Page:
Referring now to FIG. 2, step 130 of FIG. 1 will be described in greater detail. This step allows the panels that have been modelled to be "flattened" and viewed with texture applied as they would actually be cut from the fabric. At step 200, the three-dimensional X,Y,Z coordinates of the panels are transformed to "flat" X,Y coordinates taking into account the same material properties applied at step 118 to "drape" the fabric onto the form.
Steps 204, 204 and 206 permit the operator to alter a repeating texture pattern to achieve a more pleasing appearance on the fabric. For example, it might be desired to change a design that repeats in a checkerboard pattern to one that repeats in a window pane pattern. The flattened panels are next displayed over the texture pattern at step 208. Initially, the panels are displayed randomly scattered over the texture. The operator may now adjust the position, orientation and scale of each flattened panel relative to the pattern of the texture at steps 210-216 until the desired appearance of the panel is achieved. When the operator has completed this process, the mapping functions are reset at step 218 and the end result may be stereoscopically viewed in three dimensions as described above.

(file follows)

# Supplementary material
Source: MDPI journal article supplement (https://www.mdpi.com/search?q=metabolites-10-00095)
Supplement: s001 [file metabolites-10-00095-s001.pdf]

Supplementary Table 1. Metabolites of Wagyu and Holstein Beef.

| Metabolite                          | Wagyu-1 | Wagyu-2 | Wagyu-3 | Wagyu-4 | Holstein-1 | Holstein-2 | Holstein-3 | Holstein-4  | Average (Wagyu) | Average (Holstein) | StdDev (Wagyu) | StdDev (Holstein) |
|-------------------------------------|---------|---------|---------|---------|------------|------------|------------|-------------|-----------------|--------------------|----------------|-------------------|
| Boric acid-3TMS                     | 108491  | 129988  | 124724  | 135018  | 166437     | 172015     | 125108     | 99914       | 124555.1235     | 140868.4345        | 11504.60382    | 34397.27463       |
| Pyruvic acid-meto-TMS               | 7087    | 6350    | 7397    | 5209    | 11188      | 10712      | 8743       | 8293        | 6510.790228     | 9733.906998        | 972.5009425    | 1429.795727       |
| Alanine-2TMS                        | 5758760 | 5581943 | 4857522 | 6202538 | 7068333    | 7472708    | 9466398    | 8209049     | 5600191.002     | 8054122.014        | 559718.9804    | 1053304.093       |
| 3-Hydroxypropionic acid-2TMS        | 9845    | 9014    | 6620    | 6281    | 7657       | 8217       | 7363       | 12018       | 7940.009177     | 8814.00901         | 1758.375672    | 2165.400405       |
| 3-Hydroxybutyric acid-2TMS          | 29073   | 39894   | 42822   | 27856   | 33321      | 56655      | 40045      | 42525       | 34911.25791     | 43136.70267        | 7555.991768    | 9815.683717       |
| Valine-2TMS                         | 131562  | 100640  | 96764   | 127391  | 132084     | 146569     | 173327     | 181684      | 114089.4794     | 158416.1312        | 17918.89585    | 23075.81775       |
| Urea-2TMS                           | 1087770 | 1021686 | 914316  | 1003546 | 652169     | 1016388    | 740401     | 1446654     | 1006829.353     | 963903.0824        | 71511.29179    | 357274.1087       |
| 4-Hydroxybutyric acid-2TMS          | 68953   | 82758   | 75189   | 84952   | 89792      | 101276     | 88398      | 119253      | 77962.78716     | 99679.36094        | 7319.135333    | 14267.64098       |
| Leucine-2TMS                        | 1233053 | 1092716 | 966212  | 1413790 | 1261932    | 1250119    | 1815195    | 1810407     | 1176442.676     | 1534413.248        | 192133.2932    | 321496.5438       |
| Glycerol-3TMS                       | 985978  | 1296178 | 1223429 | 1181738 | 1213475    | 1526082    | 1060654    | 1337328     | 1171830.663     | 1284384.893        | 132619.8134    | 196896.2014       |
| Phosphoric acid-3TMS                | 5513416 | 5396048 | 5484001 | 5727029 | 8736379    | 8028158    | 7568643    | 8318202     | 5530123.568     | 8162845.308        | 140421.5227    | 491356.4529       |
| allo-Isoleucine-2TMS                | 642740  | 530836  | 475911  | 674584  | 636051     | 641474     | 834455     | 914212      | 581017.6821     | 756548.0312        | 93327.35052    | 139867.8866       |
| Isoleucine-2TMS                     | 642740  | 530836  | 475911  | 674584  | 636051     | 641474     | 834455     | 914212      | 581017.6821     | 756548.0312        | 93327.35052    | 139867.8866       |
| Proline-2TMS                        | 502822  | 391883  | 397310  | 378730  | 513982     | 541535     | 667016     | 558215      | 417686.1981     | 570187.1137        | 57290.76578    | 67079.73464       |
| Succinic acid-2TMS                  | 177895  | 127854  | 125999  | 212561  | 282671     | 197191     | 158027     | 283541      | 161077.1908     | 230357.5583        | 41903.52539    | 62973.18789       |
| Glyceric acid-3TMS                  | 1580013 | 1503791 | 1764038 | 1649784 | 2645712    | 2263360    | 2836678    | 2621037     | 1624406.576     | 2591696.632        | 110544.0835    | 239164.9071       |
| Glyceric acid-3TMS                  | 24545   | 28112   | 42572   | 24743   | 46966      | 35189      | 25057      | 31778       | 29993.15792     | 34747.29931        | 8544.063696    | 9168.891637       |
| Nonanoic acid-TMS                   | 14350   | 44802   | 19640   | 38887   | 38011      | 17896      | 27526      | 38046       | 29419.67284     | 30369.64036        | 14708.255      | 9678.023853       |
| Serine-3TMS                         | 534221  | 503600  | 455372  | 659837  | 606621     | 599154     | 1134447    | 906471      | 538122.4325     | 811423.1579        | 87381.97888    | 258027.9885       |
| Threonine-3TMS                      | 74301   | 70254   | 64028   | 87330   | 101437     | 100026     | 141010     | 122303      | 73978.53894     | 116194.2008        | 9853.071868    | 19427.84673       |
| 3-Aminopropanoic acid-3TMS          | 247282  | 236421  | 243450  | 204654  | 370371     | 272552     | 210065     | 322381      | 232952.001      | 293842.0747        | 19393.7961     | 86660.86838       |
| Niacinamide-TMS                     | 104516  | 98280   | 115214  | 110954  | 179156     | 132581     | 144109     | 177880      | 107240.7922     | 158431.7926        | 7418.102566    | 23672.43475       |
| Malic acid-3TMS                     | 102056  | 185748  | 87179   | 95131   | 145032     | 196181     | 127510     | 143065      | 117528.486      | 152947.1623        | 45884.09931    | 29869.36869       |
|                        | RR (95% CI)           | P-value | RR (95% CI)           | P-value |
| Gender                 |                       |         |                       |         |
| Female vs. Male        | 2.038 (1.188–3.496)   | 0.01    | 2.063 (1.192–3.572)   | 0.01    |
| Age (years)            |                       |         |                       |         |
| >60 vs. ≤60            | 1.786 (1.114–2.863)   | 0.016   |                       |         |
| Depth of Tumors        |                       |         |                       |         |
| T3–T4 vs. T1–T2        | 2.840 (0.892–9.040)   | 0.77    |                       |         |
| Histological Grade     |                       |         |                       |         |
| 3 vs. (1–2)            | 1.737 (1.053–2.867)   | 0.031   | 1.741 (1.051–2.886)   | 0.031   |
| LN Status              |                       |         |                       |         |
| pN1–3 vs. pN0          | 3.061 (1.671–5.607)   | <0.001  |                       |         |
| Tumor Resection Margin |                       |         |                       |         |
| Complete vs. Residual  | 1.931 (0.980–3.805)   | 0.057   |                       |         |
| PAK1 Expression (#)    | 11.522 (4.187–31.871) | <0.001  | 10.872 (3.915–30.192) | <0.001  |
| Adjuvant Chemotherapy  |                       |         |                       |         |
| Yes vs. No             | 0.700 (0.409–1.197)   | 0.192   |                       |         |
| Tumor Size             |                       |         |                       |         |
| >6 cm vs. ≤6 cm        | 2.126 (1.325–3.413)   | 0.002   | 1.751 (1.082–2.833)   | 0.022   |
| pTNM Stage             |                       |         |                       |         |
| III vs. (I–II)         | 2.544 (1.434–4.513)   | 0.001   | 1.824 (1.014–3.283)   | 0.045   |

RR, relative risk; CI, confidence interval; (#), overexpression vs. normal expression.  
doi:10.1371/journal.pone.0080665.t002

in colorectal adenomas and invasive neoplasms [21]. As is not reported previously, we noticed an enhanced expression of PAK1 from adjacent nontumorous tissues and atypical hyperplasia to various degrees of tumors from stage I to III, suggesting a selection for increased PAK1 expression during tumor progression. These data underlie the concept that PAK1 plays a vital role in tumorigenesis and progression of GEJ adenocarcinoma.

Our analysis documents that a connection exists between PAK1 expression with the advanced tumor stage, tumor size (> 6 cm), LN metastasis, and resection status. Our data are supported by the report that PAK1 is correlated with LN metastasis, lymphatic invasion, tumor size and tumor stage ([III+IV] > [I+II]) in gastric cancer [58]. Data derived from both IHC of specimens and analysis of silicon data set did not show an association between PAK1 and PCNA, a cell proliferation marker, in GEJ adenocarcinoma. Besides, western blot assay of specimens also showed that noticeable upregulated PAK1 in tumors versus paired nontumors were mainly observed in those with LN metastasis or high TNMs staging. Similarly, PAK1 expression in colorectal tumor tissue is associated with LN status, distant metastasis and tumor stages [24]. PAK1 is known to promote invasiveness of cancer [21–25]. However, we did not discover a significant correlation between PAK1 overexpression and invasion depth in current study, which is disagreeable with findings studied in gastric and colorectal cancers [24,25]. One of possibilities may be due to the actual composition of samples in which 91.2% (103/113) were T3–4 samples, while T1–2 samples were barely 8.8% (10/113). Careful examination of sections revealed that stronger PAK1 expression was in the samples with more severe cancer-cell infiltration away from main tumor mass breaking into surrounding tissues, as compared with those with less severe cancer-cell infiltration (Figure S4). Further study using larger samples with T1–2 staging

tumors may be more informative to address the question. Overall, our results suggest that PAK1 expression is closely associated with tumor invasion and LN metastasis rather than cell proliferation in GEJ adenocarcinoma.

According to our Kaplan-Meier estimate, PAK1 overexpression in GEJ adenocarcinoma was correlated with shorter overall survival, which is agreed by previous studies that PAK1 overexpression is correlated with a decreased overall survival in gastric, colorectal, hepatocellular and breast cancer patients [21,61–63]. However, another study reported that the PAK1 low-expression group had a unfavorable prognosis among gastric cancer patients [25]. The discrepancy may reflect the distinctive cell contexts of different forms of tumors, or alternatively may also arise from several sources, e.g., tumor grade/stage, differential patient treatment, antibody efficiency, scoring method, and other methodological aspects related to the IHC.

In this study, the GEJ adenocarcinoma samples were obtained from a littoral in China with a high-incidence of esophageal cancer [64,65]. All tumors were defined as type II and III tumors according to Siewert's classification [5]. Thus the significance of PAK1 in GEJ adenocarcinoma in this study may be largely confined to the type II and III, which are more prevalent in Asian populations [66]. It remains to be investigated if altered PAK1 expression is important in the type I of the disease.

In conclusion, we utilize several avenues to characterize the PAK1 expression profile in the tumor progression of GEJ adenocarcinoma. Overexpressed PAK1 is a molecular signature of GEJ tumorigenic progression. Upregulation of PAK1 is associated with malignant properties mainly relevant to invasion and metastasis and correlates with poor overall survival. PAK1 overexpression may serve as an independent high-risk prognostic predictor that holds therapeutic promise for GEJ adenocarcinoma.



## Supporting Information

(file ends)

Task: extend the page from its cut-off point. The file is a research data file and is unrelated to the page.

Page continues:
The final definition of each panel in "flat" X,Y coordinates may be stored and communicated to automated fabric cutting equipment to produce the actual fabric panels required to construct the modelled garment.
It will be recognized that the above described invention may be embodied in other specific forms without departing from the spirit or essential characteristics of the disclosure. Thus, it is understood that the invention is not to be limited by the foregoing illustrative details, but rather is to be defined by the appended claims.